It's unfair to call Tom Palazzolo a filmmaker. There is much more to his work behind the lens than the mere capturing of images on celluloid. And don't call him a documentarian, either. While he does work in the fact-based arena, his movies are more a record of a specific time and place than a sweeping statement of social or interpersonal consequence. No, call Tom Palazzolo a "chronicler," a man devoted to being the fly on the wall as the world trundles by. Over the course of his long career (IMDb has him active starting in the '60s), this director has taken a recognized format and found a unique, personable style within its hemmed in, frequently rigid requirements. As a result, his images feel more like moving portraits in a gallery rather than simple pictures in motion. In this latest DVD collection from the man, we are treated to four more examples of his surreal souvenir approach. Covering topics as diverse as Chicago's Riverview Amusement Park and the 1967 unveiling of the Picasso in Daley Plaza, he encapsulates the Windy City in all its gritty, urban wistfulness. Even those outside Sandberg's big shoulders can appreciate the time travelogue-ing involved here.
The Plot & The DVD:
Bride Unveiled, 1967 (12 min) - Palazzolo's cameras are there as Mayor Richard Daley reveals the Picasso gifted to the city from the famed artist. Nicknamed "the Bride" and bad mouthed almost universally upon its unveiling, we get some of that social commentary here, as well as lots of souvenir.
Yours truly lived in Chicago from 1965 to 1976, and can remember vividly when the Picasso was about to be exhibited. Few in the town could have anticipated the oddness of what the famed cubist had to offer, or how suddenly the sentiment would turn from dislike to delight. Today, few could imagine the Plaza without the harp with an elongated face, and Palazzolo does a good job of reminding us of the original circus. Intercutting news material as well as footage of the actual celebration, it's a nice reminder of what the city was like back then. Here's hoping for a companion piece on the Chagall in the near future. ***1/2
Campaign, 1968 (12 min) - Chicago was the host for the 1968 Democratic Convention, and the surrounding hype and horror that resulted. Mayor Daley called out the cops on the various protestors and hippies attempting to influence the proceedings, and resulting riot remains a stain on the city's reputation. Palazzolo combines footage of the various youth leaders as well as press comments from candidate Hubert Humphrey and Daley to illustrate the divide between the factions.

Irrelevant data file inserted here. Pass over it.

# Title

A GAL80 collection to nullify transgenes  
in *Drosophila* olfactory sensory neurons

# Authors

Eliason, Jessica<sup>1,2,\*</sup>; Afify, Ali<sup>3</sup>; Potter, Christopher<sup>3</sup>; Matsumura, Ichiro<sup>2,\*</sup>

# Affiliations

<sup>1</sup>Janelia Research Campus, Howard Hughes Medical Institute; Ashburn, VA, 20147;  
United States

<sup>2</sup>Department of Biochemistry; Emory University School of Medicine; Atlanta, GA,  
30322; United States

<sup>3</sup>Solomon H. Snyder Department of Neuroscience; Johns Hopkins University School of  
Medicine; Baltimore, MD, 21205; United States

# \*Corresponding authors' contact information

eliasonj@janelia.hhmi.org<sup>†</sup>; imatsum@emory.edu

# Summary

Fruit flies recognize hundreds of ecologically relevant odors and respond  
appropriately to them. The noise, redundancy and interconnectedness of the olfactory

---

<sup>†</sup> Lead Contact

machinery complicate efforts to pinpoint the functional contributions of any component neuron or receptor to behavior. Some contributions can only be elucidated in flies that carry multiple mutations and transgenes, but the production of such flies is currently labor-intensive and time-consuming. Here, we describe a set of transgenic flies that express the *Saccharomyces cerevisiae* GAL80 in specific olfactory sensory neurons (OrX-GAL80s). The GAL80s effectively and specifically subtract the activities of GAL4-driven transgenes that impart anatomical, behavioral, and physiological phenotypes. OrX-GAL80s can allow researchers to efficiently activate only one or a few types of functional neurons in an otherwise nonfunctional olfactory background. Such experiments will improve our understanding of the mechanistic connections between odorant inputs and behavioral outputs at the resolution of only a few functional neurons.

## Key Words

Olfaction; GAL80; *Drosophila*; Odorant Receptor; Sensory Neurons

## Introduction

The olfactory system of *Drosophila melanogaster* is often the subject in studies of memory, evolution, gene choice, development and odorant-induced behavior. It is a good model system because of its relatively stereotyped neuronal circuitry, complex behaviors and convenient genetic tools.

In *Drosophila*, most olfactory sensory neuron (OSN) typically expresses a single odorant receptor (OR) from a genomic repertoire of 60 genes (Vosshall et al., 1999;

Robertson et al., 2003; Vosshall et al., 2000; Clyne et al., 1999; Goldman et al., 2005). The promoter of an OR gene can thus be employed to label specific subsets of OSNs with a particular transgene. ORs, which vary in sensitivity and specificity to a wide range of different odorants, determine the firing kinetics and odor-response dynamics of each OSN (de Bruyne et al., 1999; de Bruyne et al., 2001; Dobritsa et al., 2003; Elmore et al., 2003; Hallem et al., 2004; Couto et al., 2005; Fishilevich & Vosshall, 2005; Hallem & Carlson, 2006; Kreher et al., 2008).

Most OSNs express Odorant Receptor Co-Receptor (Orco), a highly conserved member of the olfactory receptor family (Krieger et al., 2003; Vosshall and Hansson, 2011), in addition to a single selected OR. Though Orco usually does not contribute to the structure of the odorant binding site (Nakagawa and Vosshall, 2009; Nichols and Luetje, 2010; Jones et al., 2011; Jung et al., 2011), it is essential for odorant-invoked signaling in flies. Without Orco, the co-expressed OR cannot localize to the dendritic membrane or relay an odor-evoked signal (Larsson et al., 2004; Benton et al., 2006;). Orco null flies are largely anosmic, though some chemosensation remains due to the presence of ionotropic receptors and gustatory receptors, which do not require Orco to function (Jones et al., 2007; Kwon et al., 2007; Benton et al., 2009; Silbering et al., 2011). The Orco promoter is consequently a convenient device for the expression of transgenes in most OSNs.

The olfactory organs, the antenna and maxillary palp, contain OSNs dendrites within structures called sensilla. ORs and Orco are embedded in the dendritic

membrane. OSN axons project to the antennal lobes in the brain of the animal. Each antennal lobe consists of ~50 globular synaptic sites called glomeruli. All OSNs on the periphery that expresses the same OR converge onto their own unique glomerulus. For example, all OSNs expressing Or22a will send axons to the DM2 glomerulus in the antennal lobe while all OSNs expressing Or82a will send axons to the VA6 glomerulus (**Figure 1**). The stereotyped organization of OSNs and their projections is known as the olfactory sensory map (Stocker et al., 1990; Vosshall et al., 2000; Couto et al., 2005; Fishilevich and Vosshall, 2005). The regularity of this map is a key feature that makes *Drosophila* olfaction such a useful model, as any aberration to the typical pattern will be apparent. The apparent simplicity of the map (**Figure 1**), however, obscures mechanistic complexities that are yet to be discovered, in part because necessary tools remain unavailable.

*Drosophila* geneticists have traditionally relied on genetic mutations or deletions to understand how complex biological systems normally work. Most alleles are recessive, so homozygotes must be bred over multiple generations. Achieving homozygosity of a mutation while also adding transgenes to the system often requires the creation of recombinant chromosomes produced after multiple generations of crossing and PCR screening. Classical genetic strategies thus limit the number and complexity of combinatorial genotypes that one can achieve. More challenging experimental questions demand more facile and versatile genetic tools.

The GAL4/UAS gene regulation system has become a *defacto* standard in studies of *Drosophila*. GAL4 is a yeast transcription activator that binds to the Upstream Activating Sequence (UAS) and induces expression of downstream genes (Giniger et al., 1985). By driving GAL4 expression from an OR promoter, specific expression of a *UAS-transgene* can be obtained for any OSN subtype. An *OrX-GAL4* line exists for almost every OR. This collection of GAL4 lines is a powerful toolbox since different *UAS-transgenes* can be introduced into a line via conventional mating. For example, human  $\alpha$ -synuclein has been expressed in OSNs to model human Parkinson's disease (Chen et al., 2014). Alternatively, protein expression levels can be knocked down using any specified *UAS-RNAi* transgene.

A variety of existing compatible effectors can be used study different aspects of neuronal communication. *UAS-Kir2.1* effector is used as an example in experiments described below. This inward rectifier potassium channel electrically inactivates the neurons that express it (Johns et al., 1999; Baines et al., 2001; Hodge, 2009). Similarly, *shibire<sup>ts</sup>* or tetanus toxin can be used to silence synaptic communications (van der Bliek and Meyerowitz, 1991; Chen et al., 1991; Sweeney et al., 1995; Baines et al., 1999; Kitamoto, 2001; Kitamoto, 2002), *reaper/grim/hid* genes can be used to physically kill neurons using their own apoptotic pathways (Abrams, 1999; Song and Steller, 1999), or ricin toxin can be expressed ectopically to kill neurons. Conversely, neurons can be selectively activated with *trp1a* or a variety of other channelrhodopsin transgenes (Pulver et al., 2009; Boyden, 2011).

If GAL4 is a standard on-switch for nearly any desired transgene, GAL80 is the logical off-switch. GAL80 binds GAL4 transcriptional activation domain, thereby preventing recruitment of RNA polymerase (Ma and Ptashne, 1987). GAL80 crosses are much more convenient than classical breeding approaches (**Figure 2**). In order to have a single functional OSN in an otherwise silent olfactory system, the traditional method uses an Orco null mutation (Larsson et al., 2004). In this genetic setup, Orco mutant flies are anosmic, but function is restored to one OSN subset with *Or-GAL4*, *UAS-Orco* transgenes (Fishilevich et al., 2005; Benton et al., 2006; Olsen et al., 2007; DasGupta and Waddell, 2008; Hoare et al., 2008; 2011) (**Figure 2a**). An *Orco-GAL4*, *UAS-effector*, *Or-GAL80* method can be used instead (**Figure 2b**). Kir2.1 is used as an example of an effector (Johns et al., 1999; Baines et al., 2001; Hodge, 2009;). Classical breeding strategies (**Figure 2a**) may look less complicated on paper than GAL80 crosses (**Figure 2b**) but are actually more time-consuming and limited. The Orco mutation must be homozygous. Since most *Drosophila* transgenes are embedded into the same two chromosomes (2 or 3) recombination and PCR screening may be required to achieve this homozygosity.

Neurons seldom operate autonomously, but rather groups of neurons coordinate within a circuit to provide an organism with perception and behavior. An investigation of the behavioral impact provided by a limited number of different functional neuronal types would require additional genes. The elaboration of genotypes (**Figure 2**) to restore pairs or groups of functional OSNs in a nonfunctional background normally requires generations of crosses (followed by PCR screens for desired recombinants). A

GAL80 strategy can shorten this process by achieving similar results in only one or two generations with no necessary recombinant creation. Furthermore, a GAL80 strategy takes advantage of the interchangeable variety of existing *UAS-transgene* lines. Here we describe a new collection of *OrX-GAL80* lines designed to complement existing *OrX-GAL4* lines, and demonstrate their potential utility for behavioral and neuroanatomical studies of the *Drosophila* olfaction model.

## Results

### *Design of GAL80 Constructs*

As history, this film is flimsy. It avoids a more political approach to be a voyeur, viewing the events and then letting the viewer make up their own mind. The results can be both enlightening and aggravating. By now, the decision by Daley no longer has any logic or legitimacy. By trying to keep the city 'safe,' he made it even more unsettled. On the opposite end, while their ideas are valid, the counterculture's approach to them can be kooky at best. Did anyone really think that putting a flower in someone's rifle would turn the tide toward peace? Luckily, Palazzolo let's the viewer decide for themselves. ***1/2
Tattooed Lady, 1967 (14 min) - The aging Riverview Amusement Park (which would close shortly after filming) had been a Chicago staple since 1904. Palazzolo decides to document its dying attractions, including an elderly woman who, then, sported more tattoos than most people had ever seen in their lives.
Odd how times have changed things. Back then, someone like the subject of this short would have been viewed as a true anomaly. Heck, 15 years ago she'd still be considered a freak. Today, everyone - including young women - enjoy body art to the point of excess, making this movie a bit of an afterthought. Of course, the way she was embraced and exploited, as well as the vintage reactions to same, this the entire piece a wistful, nostalgic edge. The amusement park material is majestic - and a bit depressing as well. Things look so dour and desperate. ***1/2
At Maxwell Street, 1984 (45 min) - Going back to the same part of Chicago decade after decade, Palazzolo creates a telling collage of this famed area in transition. Meeting the merchants, street performers, residents, bums, visitors, and others hanging out, he creates a canvas of vitality within a setting that seems to simultaneous reflect the present times while remaining exactly the same.
As a former resident (and frequenter of Maxwell Street), this almost hour long look at how the city and its populace changed is a real eye opener. From the store owners who use the opportunity to both pitch their plight and their products to the never-ending parade of people, this is the hustle and bustle of a major metropolis captured in a single locale. As the fashions change and the approach broadens, we see that small areas like this are the life blood of city. Without them, the infrastructure would dry up - resulting in the death of a favored urban ideal. Oh - and did we forget to mention its place as the hub for Chicago blues?!?! ****
Overall, Palazzolo continues to argue for his credentials as an artist. His camera is focused and unobtrusive, even when he decides to go a bit overboard in the post production. He loves to overlay images on one another, creating a kind of fever dreamscape look to his finished film. When he doesn't dabble in the obtuse, he's concentrated and concrete. This is especially true of the latter two films, each of which acting as remembrances of people and places past. While there are hundreds of likeminded documentarians today, using both cinema verite and an inferred constructive criticism to expose the facts, Palazzolo is something special. From his subjects to his style, he is very much a product of his Midwestern metropolis perspective.